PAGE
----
By Lynn Morrison and Olga Mecking
I would like to thank Lynn Morrison for her invitation to co-author this article.
We are two expat women living in the Netherlands. We each have two daughters, gave birth around the same time, and had our first child outside of the Netherlands and our second one here. We have both met women who told us stories how their wishes and needs were ignored because the midwives expected them to have a more natural birth experience. This inspired us to co-write this article to present a slightly different perspective on the human rights in childbirth debate.
This past summer the Netherlands hosted the Human Rights in Childbirth Annual Congress. Thought leaders, researchers and political figures from around the world gathered in The Hague to discuss the rights of women to determine when, how and where their childbirth will take place.
We were only somewhat surprised to see that most of the presentations that got wide coverage were about women who wanted to give birth at home at all costs. We started asking ourselves these questions: what about those of us who want to give birth in the hospital with every pain relief option? Are our own rights to the birth of our choice worth less than the rights of women who want to give birth at home?
LYNN’S POINT OF VIEW
I gave birth to my first child in the United States. I attended childbirth classes well in advance and was educated on all of the different types of pain relief available and the risks and side effects (both for myself and my child) for each one. I approached the birth with an open attitude – I would listen to my body and use exactly what I needed to get through the birth. However, after 8 hours of laboring at home, I arrived at the hospital and asked for mild pain relief. I was provided with an IV-drip that helped to take the edge off of the contractions but still allowed me the freedom to move. After two hours later I realized that my early plans to walk through the labor pains were not realistic. If I wanted to get through the next hours (I was only at 5cm at this point), I needed stronger pain relief. I was then given an epidural, and this full-strength relief took away all labor pains but still let me feel enough to push out my child with no problems. I left the delivery room feeling pleased with my whole experience. My pregnancy in the Netherlands was a complete contrast. Knowing the national opinion on epidurals (“bad and unnecessary”), I vocalized my desire for one at every single appointment during my pregnancy. Every time I was told that it was noted but they could not guarantee that such relief would be available. In the end, I was able to get one for my delivery, but I felt rushed into the decision due to the imminent departure of the staff anesthesiologist.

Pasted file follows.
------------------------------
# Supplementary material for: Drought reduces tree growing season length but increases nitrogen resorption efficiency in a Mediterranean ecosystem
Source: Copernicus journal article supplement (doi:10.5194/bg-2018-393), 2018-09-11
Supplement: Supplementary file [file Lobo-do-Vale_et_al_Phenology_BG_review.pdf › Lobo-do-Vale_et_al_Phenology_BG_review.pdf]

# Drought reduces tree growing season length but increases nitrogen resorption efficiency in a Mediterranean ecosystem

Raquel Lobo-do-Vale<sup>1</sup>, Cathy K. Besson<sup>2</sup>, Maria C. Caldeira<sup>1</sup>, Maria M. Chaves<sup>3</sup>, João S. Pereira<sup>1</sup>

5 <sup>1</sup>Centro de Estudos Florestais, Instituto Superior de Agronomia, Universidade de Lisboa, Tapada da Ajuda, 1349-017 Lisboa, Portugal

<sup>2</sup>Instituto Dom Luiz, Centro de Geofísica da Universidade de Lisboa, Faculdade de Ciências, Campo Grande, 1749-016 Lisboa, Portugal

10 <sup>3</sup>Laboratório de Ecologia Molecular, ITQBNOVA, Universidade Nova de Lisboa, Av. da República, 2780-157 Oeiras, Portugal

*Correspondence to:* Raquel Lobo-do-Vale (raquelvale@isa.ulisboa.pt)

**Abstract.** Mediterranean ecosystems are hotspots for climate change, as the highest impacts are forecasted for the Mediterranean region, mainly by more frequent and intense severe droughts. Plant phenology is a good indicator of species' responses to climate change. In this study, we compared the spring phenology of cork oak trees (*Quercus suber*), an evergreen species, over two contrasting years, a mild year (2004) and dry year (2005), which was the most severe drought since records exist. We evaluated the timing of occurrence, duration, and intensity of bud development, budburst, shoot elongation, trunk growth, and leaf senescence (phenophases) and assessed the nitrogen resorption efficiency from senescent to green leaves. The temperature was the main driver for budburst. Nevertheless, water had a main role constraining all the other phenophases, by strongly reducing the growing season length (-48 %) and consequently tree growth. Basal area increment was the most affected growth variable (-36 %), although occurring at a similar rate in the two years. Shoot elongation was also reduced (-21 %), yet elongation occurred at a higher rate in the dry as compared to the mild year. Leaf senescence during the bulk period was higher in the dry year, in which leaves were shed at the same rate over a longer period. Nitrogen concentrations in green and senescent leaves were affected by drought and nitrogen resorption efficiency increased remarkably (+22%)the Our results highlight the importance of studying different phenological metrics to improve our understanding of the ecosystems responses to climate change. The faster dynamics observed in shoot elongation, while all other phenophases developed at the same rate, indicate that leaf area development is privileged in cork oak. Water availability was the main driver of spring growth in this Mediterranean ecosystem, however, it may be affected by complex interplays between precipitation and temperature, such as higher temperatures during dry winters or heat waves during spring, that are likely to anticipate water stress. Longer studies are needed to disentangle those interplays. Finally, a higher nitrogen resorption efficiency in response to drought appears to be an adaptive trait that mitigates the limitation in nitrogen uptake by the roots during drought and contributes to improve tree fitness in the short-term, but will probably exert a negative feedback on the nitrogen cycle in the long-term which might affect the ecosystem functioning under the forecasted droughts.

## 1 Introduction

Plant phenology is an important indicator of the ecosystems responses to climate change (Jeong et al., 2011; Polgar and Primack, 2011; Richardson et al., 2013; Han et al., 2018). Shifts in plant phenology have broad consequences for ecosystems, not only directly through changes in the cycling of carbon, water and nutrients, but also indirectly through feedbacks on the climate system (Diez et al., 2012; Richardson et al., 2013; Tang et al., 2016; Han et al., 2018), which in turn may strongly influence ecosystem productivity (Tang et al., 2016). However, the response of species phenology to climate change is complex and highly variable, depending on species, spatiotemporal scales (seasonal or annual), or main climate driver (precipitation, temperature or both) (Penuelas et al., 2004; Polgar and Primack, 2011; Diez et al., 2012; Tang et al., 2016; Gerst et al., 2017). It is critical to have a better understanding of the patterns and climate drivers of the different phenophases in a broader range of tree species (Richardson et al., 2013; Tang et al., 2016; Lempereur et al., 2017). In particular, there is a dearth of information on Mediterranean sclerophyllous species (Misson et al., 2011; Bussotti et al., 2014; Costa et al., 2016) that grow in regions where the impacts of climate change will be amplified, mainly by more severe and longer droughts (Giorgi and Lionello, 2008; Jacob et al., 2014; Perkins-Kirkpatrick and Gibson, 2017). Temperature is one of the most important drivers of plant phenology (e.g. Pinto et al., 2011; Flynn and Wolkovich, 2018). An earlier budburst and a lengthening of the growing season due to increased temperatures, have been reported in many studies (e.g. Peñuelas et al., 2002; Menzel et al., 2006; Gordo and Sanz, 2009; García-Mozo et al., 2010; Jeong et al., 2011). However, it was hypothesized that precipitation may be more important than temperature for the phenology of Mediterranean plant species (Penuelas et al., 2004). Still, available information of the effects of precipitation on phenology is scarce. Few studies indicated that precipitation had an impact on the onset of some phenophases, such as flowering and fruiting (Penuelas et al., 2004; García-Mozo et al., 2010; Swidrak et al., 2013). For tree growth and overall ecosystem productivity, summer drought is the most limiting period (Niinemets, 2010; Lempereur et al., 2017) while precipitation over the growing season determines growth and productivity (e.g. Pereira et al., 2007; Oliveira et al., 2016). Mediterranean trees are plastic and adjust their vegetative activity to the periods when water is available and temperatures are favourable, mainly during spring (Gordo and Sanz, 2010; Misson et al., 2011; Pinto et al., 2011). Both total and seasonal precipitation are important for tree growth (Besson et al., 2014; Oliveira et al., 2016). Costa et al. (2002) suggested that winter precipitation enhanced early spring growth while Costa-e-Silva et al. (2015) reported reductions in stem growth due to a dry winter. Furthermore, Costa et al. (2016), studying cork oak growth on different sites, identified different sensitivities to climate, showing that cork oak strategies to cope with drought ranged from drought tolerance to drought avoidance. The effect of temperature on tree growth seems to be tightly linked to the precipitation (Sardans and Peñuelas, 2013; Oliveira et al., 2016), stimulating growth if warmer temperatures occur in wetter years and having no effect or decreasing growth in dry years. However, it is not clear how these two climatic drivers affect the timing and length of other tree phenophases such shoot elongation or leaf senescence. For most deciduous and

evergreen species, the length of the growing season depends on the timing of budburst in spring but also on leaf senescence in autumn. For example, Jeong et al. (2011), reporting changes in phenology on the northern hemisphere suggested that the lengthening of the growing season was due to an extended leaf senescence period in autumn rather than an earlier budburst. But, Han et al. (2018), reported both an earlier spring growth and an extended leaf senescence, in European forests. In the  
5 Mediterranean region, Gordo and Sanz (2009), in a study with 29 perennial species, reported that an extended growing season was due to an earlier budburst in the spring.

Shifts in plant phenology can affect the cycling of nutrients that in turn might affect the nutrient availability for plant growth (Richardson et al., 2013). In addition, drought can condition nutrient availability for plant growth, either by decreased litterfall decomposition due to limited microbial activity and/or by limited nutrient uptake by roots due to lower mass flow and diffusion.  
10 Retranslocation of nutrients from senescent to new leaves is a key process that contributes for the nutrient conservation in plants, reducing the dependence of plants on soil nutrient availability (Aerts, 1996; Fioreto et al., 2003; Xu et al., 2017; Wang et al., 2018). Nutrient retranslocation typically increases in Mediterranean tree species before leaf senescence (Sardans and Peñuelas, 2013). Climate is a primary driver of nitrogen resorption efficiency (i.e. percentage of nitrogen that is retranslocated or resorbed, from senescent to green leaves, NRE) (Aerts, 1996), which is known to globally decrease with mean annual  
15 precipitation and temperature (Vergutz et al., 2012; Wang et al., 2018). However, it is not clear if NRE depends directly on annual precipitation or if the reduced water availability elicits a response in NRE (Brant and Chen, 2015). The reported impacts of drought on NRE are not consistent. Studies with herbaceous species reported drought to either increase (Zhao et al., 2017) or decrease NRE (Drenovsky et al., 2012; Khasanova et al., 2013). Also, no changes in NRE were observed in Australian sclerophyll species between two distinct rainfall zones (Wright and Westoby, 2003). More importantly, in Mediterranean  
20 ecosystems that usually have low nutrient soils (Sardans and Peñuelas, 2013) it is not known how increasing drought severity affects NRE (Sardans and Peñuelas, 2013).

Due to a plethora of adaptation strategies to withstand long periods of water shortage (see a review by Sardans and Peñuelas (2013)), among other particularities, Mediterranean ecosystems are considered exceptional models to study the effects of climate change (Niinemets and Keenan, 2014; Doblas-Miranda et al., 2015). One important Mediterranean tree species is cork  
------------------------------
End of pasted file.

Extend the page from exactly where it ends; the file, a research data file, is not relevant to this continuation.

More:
I am confident that had I not been both resolute in my desire for pain relief for my second pregnancy I would not have received the care and treatment I wanted. I don’t think a woman should be vilified because she doesn’t want to feel every single pain associated with labor and delivery. If anything, the relief that the epidural gave me allowed me to be more relaxed and focused on the arrival of my child and not on the side effects. I would like to see more doctors in the Netherlands support a woman’s right to choose pain relief during delivery, instead of vilifying the epidural.
OLGA'S POINT OF VIEW
My experiences are very different from Lynn’s. The first time, I gave birth in Germany, had a very hard, long, exhausting labor (38 hours and almost 3 hours of pushing), and took ages to recover. Obviously, I wasn’t very thrilled with how the birth went, but I had a healthy, beautiful baby girl. I didn’t have pain relief, since the pain was manageable, but the exhaustion wasn’t and I can’t help but think that maybe an epidural would allow me to sleep a while during labor, and maybe I would feel better after the birth.
I became pregnant very fast after that, and looked into other opportunities for having a better birth experience. I decided that I would have a homebirth, and felt that this choice was respected in the Netherlands. I liked the idea of having my own midwife. The second time, my labor was 6 hours. I was transferred to the hospital for a minor complication, and a midwife I didn’t know took over. In the end, it didn’t bother me. I was monitored in labor, but could move around. I didn’t have pain relief, but I didn’t feel it was necessary. We went back home the next day. Even though I didn’t have the homebirth I wanted, I was very happy with the midwifery model of care.
I believe in respect in childbirth, and that women should have the right to choose. But just as in many countries women feel that they can only go the medicalized route, and possibly end up with a C-section they don’t want, in the Netherlands many women (especially expat women) feel that they are denied their right for pain relief. Just like the doctors in other countries, in the Netherlands it’s the midwives who are in a position of power: often, they try to push their opinion on women because they can’t provide certain services, such as pain relief. There is no shame in needing help in labor-whether it is pain relief, a C-section, or a doula and natural remedies.
I think that “human rights” and “dignity” should have to do with respecting all kinds of choices without compromising safety. It should have to do with giving and receiving the help that is needed. And even though I support homebirths and midwives, I would argue for more choices in the Dutch healthcare system- and I don’t mean more midwives, I mean more doctors, and an easier access to them.
What are your thoughts on this subject?
Wednesday, 22 August 2012
Human Rights in Childbirth
Share this article!